Think electrostatic hybrid loudspeakers and a handful of names will come to mind, and likely top of that list will be Martin Logan. Here Janine Elliot takes their ElectroMotion ESL X costing £4998 for a spin. 

Many years ago, I decided to delve into a new level of audio exploration, auditioning three sets of top-notch speakers in one of the respected HiFi shops in London. One speaker was made in Sheffield, England, one from Arcugnano, Italy, and the third from Lawrence, Kansas. I bought the former, but also really loved the speakers from Lawrence – that one being a Martin Logan hybrid electrostatic. The reason I didn’t go for the MLs was that I couldn’t sensibly fit them in my then-confined listening area. So, to be offered their ElectroMotion ESL X for review in 2019 I took the opportunity with open arms and a larger living room.

Martin Logan’s location is a bit of a mystery to me. Whilst their website indicates Lawrence, Kansas, they share space with Paradigm and Anthem in Canada, having been also taken over by ShoreView Industries of Minneapolis. Interestingly there was no hint of the place of construction on the speaker itself, though they are distributed in the UK by Absolute Sounds. Build quality has improved significantly since my first dealing with them in that HiFi shop, but that distinctive shape, fast sound, and the large soundstage has remained.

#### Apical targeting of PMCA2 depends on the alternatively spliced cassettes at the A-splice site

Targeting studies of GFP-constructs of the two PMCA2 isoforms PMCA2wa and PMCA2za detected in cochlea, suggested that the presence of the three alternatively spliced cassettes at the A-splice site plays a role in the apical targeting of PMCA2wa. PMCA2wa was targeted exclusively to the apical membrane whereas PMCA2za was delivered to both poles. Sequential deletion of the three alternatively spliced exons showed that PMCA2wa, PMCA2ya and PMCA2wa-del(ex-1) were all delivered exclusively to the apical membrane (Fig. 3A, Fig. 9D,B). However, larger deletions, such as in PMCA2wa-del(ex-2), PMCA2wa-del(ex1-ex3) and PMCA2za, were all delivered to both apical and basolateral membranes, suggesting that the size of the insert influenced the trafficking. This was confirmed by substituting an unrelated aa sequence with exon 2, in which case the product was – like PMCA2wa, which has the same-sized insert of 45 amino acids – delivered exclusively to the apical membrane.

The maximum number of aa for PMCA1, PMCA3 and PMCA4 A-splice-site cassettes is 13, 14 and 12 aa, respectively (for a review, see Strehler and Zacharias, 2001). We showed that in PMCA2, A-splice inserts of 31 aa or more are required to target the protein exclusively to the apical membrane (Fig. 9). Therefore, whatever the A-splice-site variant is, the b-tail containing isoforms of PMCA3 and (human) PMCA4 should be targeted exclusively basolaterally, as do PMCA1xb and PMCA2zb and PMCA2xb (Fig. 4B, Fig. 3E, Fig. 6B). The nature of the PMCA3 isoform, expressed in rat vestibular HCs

The ElectroMotion ESL X is one model higher than the entry-level hybrid electrostatic, the ElectroMotion ESL (RRP £3,198 per pair).  The ESL X at £4,998 per pair features a larger XStat panel with a radiating area 50-square-inch larger than the standard model.  One thing of course that distinguishes Martin Logan speakers from the competition is the curvy shape called CLS™ technology (Curvilinear Line Source). As a young audiophile many years ago it amazed me that one could ever create a curved electrostatic construction bearing in mind the exceptionally thin diaphragm needing at all times to be in parallel with the stators supplying the EHT voltage.  This gentle horizontal curvature is not a gimmick but rather it enables excellent high-frequency dispersion from a large radiating surface and without hindering sound quality. Furthermore, it prevents having to have a restricted and overbearing sweet spot, something that conventional flat electrostatic panels can suffer from. It also enabled me to position the speakers easily in my listening area, just ensuring they were toed in by the right amount.